Gibson, D., Glass, J., Lartigue, C., Noskov, V., Chuang, R., Algire, M., Benders, G., Montague, M., Ma, L., Moodie, M.... (2010) Creation of a Bacterial Cell Controlled by a Chemically Synthesized Genome. Science, 329(5987), 52-56. DOI: 10.1126/science.1190719  

  • July 14, 2010
  • 04:21 PM

Scientists closely examine causes of frog abnormalities

by Katie Kline in EcoTone

urrently, research on the possible causes of limb deformities in amphibians is expansive, with evidence supporting parasite infection, chemical contaminants, UVB radiation and amputation as possible factors. However, as Mari Reeves from the U.S. Fish and Wildlife Service and colleagues explained in an article in the August issue of Ecological Monographs, the most likely cause of amphibian abnormalities is a combination of several stressors.

... Read more »

Reeves, M., Jensen, P., Dolph, C., Holyoak, M., & Trust, K. (2010) Multiple stressors and the cause of amphibian abnormalities. Ecological Monographs, 80(3), 423-440. DOI: 10.1890/09-0879.1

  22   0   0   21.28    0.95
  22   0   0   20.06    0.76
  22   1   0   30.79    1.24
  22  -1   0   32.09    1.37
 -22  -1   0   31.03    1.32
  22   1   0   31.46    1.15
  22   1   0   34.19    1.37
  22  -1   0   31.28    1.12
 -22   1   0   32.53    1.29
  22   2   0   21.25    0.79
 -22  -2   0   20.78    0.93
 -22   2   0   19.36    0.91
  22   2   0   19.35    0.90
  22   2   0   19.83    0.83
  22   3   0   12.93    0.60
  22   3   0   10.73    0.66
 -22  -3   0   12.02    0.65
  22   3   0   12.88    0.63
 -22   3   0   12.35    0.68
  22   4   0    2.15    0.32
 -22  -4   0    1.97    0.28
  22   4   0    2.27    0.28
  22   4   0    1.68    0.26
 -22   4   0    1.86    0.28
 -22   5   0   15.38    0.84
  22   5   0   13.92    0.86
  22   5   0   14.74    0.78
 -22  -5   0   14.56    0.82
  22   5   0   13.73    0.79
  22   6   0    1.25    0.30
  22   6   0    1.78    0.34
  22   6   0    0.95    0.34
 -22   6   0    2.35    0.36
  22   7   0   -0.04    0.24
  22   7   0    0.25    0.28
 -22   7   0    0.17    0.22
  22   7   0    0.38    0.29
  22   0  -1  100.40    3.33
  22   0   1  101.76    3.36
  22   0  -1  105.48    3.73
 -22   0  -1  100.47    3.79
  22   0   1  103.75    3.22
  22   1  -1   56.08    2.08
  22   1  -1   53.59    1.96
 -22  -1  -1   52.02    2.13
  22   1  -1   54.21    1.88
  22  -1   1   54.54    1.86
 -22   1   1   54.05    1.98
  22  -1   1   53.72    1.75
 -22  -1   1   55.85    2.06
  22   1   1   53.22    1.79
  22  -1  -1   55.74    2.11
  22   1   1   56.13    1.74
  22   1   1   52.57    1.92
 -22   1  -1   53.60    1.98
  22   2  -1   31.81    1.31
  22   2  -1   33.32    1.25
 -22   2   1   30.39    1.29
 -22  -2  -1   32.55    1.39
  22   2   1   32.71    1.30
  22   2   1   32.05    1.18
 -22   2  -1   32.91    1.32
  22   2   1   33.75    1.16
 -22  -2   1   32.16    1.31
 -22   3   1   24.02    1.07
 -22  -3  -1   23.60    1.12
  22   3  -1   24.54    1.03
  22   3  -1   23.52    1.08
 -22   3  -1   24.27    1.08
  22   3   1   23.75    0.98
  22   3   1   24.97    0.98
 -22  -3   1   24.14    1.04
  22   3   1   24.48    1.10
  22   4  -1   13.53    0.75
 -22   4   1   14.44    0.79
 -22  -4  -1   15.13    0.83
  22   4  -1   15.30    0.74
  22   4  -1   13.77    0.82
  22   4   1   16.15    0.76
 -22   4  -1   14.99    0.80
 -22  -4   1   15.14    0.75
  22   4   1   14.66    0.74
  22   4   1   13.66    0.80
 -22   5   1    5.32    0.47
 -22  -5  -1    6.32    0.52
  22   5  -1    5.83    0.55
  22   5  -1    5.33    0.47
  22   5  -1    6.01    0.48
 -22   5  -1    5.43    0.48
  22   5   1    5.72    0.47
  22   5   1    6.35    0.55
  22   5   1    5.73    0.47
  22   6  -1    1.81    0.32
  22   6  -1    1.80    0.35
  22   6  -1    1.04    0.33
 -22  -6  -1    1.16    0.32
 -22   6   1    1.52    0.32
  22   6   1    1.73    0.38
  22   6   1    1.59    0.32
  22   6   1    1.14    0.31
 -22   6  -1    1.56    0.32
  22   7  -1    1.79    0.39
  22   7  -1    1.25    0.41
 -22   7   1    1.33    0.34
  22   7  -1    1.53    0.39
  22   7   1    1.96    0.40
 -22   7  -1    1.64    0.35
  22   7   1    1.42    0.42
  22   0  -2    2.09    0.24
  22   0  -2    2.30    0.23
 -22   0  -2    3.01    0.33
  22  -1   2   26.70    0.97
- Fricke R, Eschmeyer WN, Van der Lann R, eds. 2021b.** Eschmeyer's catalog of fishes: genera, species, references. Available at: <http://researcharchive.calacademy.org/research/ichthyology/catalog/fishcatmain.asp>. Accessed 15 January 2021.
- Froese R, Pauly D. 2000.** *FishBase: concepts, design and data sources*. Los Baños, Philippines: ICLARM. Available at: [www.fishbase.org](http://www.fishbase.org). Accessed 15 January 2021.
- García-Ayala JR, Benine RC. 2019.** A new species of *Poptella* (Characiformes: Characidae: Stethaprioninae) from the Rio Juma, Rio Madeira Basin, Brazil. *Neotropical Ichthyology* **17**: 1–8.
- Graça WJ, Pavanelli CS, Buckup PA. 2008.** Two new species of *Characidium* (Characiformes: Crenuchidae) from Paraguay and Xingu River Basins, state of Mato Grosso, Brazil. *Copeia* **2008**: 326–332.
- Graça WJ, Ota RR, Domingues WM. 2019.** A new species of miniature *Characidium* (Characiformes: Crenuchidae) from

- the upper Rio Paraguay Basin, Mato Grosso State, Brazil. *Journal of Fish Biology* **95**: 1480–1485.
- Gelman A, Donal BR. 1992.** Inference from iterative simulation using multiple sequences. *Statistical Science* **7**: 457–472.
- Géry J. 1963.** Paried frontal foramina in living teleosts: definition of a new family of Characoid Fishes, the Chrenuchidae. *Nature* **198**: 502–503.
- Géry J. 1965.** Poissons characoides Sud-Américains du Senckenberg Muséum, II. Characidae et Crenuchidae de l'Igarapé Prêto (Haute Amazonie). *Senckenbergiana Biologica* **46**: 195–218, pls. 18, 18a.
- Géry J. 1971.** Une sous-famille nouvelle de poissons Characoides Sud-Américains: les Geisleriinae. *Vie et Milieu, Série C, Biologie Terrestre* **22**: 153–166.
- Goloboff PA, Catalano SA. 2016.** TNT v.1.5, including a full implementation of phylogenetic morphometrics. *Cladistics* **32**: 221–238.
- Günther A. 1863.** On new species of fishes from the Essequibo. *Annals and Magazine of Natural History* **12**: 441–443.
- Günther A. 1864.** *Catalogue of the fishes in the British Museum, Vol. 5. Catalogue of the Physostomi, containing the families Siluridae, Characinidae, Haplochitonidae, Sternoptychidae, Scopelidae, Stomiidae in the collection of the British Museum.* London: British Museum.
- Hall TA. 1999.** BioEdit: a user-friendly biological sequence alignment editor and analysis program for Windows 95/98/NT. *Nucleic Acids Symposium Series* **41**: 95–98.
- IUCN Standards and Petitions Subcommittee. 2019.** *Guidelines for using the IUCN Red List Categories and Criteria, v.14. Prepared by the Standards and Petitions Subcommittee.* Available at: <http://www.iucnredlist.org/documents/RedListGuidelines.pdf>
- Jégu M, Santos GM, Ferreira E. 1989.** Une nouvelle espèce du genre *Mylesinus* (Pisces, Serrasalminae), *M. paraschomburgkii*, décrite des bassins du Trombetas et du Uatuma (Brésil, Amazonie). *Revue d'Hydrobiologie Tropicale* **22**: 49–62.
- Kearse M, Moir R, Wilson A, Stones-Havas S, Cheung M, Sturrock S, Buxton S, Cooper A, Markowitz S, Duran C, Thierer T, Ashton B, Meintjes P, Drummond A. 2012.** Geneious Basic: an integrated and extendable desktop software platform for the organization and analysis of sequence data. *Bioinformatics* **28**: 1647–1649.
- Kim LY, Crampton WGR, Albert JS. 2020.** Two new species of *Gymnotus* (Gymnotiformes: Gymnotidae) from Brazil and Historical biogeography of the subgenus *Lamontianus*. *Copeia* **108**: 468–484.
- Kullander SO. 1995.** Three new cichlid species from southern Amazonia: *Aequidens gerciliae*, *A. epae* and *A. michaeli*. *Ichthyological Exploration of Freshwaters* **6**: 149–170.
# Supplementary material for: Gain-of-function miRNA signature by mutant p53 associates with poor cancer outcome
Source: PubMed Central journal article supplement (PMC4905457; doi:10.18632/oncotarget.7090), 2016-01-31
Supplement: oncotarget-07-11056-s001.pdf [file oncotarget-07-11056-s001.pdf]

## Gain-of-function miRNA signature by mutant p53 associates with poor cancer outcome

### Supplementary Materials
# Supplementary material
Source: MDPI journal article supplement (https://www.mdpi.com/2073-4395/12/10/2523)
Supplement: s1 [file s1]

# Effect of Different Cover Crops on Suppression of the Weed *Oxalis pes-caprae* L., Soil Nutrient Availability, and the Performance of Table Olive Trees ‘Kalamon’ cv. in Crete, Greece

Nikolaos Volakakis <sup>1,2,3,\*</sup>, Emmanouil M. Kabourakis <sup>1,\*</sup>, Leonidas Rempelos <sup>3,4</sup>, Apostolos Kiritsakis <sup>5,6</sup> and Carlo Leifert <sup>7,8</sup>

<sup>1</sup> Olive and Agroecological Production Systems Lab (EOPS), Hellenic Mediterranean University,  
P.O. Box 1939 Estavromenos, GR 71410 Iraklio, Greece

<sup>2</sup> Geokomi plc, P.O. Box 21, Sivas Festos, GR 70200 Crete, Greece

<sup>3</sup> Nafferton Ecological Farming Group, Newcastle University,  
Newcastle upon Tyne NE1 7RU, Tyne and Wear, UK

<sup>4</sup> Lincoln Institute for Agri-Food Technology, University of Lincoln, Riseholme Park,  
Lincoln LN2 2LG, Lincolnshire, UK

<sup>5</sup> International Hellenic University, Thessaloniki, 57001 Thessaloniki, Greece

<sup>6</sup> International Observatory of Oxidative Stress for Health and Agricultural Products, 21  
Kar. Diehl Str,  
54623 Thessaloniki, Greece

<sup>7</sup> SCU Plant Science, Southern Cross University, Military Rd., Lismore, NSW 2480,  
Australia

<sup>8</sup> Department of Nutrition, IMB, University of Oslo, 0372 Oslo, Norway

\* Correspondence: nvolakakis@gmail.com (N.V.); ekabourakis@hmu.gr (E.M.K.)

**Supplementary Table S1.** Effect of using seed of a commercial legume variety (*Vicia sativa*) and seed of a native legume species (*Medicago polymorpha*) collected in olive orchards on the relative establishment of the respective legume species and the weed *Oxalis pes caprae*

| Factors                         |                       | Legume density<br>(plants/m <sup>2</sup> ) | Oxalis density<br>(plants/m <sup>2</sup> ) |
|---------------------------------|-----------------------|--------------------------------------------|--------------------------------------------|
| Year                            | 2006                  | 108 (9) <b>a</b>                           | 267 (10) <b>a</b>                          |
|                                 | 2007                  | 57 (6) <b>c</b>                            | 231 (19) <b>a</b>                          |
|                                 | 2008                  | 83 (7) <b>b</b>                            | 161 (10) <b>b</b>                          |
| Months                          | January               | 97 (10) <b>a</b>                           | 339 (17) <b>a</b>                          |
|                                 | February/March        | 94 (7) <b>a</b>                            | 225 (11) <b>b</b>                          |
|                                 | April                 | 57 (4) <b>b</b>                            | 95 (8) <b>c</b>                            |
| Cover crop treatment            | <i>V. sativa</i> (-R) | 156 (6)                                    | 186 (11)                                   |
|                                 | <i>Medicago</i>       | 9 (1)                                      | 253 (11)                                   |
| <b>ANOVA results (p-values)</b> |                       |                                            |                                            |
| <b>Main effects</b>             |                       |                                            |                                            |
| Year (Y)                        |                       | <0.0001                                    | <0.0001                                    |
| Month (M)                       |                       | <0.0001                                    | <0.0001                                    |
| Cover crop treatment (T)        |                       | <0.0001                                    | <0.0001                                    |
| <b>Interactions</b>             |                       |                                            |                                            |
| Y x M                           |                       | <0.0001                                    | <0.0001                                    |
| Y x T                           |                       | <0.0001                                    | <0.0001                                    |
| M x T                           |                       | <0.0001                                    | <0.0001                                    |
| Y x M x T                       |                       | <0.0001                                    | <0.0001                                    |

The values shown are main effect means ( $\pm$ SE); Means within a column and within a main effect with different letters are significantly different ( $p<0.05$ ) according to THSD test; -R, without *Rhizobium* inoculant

• July 14, 2010
  • 03:33 PM

Why fireflies flash

by Kent in Uncommon Ground

OK. So you probably already know that fireflies flash to attract mates, but did you know that some of them flash synchronously?1An entire forest can seem to flash at the same time. In a very cool paper in last week's...... Read more »

  • July 14, 2010
  • 03:10 PM

Y Chromosome I: A Brief History

by Kele in Kele's Science Blog

This first post in my Y chromosome series will briefly discuss the history of Y chromosome research. The general outline is derived from the introduction of Skaletsky et al. (2003). I will hopefully fill in the numerous missing parts as the series continues. Anyway…... Read more »

Painter, T. (1921) The Y-Chromosome in Mammals. Science, 53(1378), 503-504. DOI: 10.1126/science.53.1378.503  

Skaletsky, H., Kuroda-Kawaguchi, T., Minx, P., Cordum, H., Hillier, L., Brown, L., Repping, S., Pyntikova, T., Ali, J., Bieri, T.... (2003) The male-specific region of the human Y chromosome is a mosaic of discrete sequence classes. Nature, 423(6942), 825-837. DOI: 10.1038/nature01722  

STERN C. (1957) The problem of complete Y-linkage in man. American journal of human genetics, 9(3), 147-66. PMID: 13469791